Charlie White, the GOP, and the Rule of Law

After the Republicans in the Statehouse passed House Bill 1242, changing the election law in order to avoid the consequences of having run an ineligible candidate, my husband shook his head. “It’s enough to make you ashamed of ever having been a Republican.” This from a man who worked for the GOP for over fifty years–working on campaigns, working at the polls, driving people to vote, and serving in a Republican administration.

We have both bemoaned the radicalization of the party we used to call ours: the mean-spiritedness, the shortsighted focus on tax caps at the expense of public goods, the homophobia and the thinly veiled racism that emerged in the wake of Obama’s election. But HB 1242 is nothing less than an attack on the rule of law.

John Adams famously said that our constitution established the rule of law, not the rule of men. The Founders gave us limited government. That didn’t mean that the size of government was to be limited, as many seem to think. It meant that the same rules have to apply to everyone, that there are limits to the ways in which official power can be used.

Scholars identify eight elements of the rule of law:

  • Laws are necessary, and must apply to all–including government officials.
  • Laws must be published.
  • Laws must be prospective in nature so that the effect of the law may only take place after the law has passed.
  • Laws must be reasonably clear and specific, in order to avoid arbitrary enforcement.
  • Laws must avoid contradictions.
  • Laws cannot require people to do impossible things.
  • Law must stay sufficiently constant through time to allow rules to be understood; at the same time, the legal system should allow for timely revisions when the reasons for the law have changed.
  • Official action should be consistent with the declared rule.

Our sense of fundamental fairness is offended if someone is punished for violating a rule that was passed only after he acted. We would be outraged if a person who violated an existing law managed to get it changed so that he escaped punishment. We might not be able to point to the precise element of the rule of law that had been violated in such cases, but we’d know instinctively that it was wrong.

This over-reach by the Indiana GOP has generated a petition drive, asking Governor Daniels to veto the measure. I don’t hold out much hope, but I signed the petition, and I hope many others will as well.

If the legislature ultimately decides that current laws governing electoral vacancies should be changed, fine. Those new rules can be applied prospectively, to future cases. Changing the rules when they fail to favor you, so as to escape the consequences of your own misbehavior, isn’t just unfair. It isn’t just contrary to the rule of law.

It is unAmerican.


  1. I’m no scholar in this field, but I have serious questions as to whether they can change this thing retroactively. I think that hinges on whether the office will become vacant at some future date, in which case, the law passed now should probably govern; or whether the office is actually, in a sense, vacant *now* because the apparent election of Charlie White was a nullity in which case, under the law in place when the nullity occurred, Vop Osili is the duly elected Secretary of State.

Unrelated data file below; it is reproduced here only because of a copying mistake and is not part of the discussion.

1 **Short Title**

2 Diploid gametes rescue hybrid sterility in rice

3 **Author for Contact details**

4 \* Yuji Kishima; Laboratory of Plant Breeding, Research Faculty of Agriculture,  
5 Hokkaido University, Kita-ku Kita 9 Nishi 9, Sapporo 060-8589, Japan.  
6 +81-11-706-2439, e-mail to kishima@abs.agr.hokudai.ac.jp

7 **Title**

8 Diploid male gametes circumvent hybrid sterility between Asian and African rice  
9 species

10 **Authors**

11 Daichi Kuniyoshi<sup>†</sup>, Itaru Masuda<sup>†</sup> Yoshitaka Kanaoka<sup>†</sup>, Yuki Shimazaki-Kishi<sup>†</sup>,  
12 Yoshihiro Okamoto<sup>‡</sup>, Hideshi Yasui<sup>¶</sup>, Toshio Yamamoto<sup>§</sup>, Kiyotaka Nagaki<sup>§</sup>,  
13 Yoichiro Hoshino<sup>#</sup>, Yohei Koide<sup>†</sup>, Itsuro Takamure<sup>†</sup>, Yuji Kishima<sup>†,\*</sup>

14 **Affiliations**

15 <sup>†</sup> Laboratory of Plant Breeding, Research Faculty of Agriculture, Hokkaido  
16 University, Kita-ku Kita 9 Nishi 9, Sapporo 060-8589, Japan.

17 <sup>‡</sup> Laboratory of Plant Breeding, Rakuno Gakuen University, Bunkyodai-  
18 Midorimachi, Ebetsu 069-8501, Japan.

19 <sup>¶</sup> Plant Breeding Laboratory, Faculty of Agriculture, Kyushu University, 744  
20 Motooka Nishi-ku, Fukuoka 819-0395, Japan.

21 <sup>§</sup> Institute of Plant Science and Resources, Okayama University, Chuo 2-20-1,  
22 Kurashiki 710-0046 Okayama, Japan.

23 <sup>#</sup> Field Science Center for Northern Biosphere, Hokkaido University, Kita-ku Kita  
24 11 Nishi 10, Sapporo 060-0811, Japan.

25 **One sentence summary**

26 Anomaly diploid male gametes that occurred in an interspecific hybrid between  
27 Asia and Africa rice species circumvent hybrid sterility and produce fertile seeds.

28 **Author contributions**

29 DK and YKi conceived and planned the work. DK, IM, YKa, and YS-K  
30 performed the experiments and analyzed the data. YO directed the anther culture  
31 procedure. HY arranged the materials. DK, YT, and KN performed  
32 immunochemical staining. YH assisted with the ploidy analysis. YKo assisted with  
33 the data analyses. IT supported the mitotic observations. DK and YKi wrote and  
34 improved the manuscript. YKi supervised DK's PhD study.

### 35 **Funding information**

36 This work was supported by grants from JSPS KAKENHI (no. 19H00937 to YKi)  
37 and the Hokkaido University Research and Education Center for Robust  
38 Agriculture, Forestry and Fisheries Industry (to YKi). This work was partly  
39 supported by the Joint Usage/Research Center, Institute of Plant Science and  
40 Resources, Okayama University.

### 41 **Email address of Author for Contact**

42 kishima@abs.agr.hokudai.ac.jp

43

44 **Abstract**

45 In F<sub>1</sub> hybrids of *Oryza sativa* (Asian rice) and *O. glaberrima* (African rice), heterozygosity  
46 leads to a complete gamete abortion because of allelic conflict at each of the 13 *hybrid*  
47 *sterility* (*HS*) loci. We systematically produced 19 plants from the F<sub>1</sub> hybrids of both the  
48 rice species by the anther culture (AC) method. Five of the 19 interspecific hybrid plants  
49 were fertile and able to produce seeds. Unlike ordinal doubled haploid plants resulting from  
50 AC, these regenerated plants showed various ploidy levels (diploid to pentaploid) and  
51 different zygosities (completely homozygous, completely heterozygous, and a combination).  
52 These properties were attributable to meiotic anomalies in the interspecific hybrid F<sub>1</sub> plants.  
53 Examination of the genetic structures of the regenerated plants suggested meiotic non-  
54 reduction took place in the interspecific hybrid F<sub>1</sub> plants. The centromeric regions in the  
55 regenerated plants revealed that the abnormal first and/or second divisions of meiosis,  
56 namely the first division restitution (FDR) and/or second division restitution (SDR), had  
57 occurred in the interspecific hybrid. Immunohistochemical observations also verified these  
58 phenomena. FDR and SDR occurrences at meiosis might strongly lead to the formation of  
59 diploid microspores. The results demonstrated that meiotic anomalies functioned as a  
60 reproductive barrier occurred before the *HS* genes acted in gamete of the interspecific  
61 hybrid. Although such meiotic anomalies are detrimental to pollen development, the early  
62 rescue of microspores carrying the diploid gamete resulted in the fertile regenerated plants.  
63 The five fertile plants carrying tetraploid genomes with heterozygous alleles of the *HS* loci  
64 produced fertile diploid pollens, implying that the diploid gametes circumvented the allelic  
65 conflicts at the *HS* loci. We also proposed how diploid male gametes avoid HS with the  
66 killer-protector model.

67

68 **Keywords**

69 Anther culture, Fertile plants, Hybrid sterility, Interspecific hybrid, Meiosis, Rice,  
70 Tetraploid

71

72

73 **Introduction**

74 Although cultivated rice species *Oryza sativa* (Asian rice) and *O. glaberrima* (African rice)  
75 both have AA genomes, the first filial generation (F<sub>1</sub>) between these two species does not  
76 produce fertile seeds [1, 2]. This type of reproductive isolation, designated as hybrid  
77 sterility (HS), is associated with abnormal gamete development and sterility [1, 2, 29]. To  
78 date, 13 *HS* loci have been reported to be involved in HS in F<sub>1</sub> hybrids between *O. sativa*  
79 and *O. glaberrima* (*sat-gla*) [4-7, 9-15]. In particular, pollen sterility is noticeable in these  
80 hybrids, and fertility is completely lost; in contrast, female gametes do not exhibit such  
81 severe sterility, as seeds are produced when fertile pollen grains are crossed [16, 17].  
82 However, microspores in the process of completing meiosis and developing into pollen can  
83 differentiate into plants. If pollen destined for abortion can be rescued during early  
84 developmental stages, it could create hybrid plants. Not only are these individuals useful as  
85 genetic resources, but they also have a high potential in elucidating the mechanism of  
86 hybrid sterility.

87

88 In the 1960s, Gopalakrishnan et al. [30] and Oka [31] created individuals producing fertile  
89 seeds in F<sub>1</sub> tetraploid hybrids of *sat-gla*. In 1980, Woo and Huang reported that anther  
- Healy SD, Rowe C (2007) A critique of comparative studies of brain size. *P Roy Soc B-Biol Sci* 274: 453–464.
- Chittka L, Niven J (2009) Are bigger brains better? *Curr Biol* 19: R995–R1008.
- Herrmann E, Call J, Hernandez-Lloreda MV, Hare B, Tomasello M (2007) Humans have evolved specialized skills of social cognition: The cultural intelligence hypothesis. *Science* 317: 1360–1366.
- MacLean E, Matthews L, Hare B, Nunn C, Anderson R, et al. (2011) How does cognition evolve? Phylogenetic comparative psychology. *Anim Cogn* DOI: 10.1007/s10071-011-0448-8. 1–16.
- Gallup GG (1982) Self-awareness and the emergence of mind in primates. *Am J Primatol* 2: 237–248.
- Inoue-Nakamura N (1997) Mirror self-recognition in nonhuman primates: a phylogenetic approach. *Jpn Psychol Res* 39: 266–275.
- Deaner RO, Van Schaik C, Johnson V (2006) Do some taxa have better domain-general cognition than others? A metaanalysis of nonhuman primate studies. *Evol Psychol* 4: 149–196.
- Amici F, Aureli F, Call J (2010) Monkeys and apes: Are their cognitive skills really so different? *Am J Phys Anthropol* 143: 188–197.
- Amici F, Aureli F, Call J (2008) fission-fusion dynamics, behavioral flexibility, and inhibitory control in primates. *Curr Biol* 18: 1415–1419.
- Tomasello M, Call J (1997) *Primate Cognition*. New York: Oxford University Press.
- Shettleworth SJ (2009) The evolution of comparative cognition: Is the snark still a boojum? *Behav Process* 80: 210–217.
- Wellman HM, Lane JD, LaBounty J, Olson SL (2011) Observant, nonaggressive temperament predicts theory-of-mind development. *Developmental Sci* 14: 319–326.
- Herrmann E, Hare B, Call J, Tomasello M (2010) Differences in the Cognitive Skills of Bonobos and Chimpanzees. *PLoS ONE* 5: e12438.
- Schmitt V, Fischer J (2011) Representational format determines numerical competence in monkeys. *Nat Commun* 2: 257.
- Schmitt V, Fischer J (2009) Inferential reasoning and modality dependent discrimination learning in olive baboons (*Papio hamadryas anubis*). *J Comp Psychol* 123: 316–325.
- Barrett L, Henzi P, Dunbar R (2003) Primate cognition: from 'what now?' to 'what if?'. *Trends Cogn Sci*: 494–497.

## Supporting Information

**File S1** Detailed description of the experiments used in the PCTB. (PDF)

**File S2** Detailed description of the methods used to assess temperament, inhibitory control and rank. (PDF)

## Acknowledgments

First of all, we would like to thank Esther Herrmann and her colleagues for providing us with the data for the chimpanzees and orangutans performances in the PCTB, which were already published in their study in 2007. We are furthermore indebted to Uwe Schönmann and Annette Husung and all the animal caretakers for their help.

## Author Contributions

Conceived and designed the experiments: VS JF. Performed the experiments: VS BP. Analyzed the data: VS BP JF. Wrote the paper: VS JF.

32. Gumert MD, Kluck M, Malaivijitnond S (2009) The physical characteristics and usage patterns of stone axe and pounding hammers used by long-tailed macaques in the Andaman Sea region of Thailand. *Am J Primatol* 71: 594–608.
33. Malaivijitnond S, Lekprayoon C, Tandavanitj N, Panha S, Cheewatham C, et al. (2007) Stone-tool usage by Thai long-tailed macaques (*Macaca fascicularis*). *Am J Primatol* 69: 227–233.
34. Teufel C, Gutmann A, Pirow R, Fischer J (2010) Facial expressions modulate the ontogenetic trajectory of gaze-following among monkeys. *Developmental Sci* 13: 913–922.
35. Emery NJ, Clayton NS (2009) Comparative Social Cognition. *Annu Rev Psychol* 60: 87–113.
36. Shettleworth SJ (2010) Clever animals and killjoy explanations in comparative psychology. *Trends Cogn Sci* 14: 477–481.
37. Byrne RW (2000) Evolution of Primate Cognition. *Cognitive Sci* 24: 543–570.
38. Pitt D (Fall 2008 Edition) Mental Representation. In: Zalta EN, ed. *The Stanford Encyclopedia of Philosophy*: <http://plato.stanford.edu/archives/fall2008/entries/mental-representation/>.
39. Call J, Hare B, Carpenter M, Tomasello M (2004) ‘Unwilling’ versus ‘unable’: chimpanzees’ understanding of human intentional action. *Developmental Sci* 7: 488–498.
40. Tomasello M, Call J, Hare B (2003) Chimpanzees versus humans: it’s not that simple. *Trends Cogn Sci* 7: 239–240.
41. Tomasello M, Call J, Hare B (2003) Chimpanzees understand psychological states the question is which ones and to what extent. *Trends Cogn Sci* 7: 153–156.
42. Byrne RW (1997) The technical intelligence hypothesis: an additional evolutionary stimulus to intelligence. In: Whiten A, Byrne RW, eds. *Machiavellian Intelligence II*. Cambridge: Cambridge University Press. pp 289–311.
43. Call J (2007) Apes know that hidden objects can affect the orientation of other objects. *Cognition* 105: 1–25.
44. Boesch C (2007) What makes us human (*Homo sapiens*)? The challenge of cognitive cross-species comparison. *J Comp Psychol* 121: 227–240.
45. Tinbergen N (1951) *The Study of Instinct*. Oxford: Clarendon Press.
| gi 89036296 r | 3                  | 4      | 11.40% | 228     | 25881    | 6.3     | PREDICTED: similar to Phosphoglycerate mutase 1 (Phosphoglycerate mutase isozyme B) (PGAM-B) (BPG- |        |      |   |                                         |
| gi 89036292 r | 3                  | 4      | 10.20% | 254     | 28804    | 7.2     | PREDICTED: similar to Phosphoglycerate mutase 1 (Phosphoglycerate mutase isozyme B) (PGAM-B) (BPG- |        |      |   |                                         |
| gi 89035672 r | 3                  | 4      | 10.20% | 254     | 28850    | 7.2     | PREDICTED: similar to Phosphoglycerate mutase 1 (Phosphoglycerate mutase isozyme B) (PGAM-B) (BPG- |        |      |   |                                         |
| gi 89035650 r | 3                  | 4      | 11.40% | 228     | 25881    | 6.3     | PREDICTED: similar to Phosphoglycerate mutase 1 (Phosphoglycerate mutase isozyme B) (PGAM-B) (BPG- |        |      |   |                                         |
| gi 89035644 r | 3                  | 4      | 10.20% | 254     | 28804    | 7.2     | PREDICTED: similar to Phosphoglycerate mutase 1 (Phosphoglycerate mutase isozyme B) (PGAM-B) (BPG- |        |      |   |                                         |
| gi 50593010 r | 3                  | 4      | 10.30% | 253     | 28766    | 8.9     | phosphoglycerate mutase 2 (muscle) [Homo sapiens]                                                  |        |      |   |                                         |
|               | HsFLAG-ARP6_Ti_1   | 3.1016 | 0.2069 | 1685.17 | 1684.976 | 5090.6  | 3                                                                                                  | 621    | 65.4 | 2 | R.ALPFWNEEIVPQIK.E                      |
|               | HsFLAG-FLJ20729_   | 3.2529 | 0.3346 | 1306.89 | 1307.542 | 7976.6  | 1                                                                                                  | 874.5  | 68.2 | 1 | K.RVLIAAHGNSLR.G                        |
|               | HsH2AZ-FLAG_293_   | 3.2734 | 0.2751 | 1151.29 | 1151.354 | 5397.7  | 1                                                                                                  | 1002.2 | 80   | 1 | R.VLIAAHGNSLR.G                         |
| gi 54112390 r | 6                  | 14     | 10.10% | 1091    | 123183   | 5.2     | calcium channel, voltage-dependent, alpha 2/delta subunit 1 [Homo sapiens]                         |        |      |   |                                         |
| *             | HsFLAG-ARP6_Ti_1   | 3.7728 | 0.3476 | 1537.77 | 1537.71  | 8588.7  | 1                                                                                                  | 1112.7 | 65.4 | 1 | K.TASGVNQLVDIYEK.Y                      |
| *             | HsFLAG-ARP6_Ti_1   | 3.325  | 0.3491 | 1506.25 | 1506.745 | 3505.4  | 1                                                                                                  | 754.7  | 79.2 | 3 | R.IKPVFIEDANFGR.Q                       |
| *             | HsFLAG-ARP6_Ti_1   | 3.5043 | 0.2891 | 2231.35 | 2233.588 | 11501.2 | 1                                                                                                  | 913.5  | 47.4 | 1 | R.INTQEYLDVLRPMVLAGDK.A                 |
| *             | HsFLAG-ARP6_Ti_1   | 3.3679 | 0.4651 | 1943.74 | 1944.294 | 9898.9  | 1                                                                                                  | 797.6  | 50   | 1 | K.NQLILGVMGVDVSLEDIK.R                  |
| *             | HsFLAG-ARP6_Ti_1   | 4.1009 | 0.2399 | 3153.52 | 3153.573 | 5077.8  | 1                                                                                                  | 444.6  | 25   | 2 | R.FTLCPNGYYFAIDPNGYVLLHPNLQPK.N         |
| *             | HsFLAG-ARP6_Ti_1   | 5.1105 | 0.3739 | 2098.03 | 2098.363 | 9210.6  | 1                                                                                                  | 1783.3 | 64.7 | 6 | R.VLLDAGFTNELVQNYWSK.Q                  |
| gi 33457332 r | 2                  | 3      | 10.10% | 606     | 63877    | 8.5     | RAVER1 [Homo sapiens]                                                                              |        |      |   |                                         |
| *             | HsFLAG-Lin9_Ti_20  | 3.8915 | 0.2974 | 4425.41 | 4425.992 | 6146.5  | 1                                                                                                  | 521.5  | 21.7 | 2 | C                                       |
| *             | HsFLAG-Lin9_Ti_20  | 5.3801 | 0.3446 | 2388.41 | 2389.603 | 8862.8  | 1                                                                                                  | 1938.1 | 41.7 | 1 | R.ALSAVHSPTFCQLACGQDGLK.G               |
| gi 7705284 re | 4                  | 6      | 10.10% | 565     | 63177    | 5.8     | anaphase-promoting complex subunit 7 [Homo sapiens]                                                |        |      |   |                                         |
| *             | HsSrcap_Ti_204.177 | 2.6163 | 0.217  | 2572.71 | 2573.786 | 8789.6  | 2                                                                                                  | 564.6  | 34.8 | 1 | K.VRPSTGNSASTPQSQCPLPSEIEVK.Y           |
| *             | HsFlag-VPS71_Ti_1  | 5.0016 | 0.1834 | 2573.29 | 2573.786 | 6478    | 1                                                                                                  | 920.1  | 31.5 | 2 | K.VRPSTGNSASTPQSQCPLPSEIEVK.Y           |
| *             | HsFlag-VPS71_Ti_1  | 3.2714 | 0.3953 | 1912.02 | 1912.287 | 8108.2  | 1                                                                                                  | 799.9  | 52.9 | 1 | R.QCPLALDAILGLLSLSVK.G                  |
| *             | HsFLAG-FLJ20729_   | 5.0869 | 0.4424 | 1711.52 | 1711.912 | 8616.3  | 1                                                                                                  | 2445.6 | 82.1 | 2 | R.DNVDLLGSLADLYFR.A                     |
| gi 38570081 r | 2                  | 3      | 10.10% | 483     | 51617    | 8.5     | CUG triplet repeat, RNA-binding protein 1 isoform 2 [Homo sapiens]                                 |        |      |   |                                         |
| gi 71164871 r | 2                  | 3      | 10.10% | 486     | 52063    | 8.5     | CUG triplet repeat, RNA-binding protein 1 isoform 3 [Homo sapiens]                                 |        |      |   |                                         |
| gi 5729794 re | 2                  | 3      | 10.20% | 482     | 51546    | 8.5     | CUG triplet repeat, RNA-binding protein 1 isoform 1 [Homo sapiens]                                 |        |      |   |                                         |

2. I read some articles based on some of your other posts on this matter. I am not usually one for conspiracy theories, but, do you think that some of the Republicans encouraged him privately to not resign. I suppose, I would question the timing of this bill, and given the nature of the bill how fortuitous it is that White has decided to withhold his resignation. What do you think?

  3. I rather doubt that-I think it would have been better for the Republicans had he stepped aside when his unqualified status first emerged, before the election. The party could have replaced him, the replacement would have won (Indiana would have elected your Aunt Agatha’s cat if it had an R by its name), and all of this would have been avoided.

  4. It is an offense to think I have to make a donation in order to sign this petition! I went to sign, but I will not pay for the privilege to cast my vote!

  5. dunno about this one – obviously Charlie needs to get thrown under the bus (see the Real Madrid trophy Thing). Now, assuming that people honestly decided that Charlie as a person was the better candidate is stupid – no one ever knows who is the Secretary of State, even after they’re elected – Christ, half the population thinks it involves foreign policy. The Secretary of State, like the Treasurer and a few other simpleton jobs on the ballot, gets elected because they’re from one party or another, and this time around, that party is popular. I don’t see an ounce of sense in electing jobs like that – they simply don’t make any policy, they just execute some function, so, perhaps, if we have to have silly elected positions like them, if the bozo we elected gets trashed, maybe it’s closer to the will of the people that we shove in some other bozo from the same party.

  6. Thank you for the explanation. I am interested in politics, but I have no practical experience interacting with politicians. I appreciate your insights.

  7. As co-editor of a free local monthly progressive newspaper in Lafayette, I would greatly appreciate permission to reprint this article.

    Roberta Schonemann
    Co-editor Lafayette Independent

  8. Some is calling the plays and it is not Senator Michael Young and that’s ok. But what is not ok is to change the game while it still in play. Moving the goal posts (the election law) retroactively is not right, it not fair, and it be illegal. Just because you caught with your hand in the cookie jar (fraud) there are limits to which elected officals power can be used. (abuse of the law) Personally I seek to be ruled by law – not by men in high places.

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